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Re: [File API: FileSystem] Path restrictions and case-sensitivity

From: timeless <timeless@gmail.com>
Date: Thu, 5 May 2011 10:43:08 +0300
Message-ID: <BANLkTikiWsv=iumSjTYkBdYkOP-6tm3qaw@mail.gmail.com>
To: Eric U <ericu@google.com>
Cc: Web Applications Working Group WG <public-webapps@w3.org>, Charles Pritchard <chuck@jumis.com>, Glenn Maynard <glenn@zewt.org>, Kinuko Yasuda <kinuko@google.com>
On Wed, May 4, 2011 at 3:58 AM, Eric U <ericu@google.com> wrote:
> Regarding case sensitivity: I originally specced it as
> case-insensitive-case-preserving to make it easier to support a
> passthrough implementation on Windows and Mac.  However, as
> passthroughs have turned out to be unfeasible [see previous thread on
> path length problems], all case insensitivity really gets us is
> potential locale issues.  I suggest we drop it and just go with a
> case-sensitive filesystem.

I'm somewhat worried about the case where two files have nearly the
same name and the user gets confused.

It's bad enough that one of my phones doesn't show file extensions and
its text editor generates files that are either HTML or Plain
(actually, i can't remember the actual file extensions, but the point
its it generates "rich text" and "plain text" - and can
promote/demote). So I generally have a file <notes> and a file <notes>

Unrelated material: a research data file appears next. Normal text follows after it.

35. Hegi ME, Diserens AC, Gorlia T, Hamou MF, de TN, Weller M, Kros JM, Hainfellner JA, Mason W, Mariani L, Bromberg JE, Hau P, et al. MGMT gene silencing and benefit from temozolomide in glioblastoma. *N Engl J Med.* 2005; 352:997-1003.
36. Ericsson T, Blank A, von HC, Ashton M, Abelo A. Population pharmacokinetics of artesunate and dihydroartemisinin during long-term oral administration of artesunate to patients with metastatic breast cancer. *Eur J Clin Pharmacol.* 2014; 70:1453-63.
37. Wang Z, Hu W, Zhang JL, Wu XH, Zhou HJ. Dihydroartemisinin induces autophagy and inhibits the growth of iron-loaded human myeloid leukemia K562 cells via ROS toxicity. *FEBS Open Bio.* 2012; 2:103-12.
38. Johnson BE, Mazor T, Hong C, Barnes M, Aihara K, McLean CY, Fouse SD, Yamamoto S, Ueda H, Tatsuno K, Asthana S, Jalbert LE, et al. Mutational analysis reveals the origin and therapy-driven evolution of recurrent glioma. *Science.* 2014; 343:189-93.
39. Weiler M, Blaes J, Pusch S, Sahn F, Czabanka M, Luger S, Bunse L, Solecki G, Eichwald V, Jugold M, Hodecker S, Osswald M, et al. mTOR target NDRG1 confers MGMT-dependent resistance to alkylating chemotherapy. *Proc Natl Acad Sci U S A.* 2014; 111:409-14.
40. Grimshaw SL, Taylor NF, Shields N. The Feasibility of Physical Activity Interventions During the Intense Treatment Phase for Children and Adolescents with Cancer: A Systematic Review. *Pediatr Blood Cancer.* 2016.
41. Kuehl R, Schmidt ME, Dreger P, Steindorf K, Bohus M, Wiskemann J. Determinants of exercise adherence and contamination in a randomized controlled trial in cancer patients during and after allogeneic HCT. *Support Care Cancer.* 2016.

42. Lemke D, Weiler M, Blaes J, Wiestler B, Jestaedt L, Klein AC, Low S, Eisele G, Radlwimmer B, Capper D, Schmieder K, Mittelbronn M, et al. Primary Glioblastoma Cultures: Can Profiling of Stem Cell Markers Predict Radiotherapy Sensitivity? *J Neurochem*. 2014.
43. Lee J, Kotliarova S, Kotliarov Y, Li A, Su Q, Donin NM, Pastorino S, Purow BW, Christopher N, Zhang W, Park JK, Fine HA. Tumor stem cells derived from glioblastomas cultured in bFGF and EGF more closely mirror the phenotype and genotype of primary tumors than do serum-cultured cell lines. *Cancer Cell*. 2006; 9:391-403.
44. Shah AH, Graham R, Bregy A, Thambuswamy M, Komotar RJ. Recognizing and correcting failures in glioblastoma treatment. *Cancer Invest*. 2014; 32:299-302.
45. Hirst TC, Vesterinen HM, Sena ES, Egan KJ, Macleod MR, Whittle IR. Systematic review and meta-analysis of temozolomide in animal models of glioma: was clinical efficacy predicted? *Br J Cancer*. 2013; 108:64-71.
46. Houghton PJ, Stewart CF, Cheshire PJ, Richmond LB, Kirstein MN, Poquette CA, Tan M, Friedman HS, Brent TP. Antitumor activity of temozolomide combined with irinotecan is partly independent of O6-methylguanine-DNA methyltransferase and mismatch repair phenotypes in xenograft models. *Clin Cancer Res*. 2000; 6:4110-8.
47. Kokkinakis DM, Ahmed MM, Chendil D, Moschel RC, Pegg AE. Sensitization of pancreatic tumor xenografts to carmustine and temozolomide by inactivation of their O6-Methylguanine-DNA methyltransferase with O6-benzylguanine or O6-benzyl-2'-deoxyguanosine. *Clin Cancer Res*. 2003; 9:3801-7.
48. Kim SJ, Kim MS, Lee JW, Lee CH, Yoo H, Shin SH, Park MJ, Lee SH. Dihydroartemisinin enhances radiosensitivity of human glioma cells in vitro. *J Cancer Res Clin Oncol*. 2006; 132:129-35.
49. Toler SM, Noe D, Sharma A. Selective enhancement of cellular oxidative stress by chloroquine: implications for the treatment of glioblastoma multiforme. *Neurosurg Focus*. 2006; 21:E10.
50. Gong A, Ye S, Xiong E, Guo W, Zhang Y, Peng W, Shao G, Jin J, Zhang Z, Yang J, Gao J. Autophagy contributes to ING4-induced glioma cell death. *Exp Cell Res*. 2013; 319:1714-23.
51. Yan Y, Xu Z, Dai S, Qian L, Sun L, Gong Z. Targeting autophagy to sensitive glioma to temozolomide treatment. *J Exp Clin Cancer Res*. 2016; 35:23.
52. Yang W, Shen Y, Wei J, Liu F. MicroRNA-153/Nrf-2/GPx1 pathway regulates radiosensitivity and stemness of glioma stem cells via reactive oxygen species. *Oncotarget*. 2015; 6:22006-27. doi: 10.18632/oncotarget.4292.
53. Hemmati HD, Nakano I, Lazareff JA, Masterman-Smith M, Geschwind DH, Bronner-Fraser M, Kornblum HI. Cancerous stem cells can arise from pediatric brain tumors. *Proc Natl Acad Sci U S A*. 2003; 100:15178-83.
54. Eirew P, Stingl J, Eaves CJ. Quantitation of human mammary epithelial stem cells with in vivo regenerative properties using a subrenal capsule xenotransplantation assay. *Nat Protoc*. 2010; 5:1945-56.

and I can't tell them apart and I can't remember which one I want (the
edit date is often the same for both and one has the content I want
and one is the accidental version from before I switched file

While case folding is expensive and painful, do we have any use cases
for allowing similarly named files beyond "enabling the user to
conflate them"?

Consider the following two items:

- try loading them in a web browser -- oddly my web browser tells me
that the second one is misspelled :)

My argument is that we should favor:  'case preserving' + 'case
folding' + 'case insensitivity'.

The virtual file system is going to be something which is mostly
controlled by the web app, so there should be minimal harm in telling
it that there's already a file with a given name -- it can load the
file, review its contents, and try to decide that it should suggest
the user use a more distinct name. As we're proposing file names that
are longer than most users are likely to use by default, we can
include datestamps (timeless unless collisions happen) to disambiguate
user generated collisions via a browser side import -- if such a
feature is provided at all).
Received on Thursday, 5 May 2011 07:43:35 UTC

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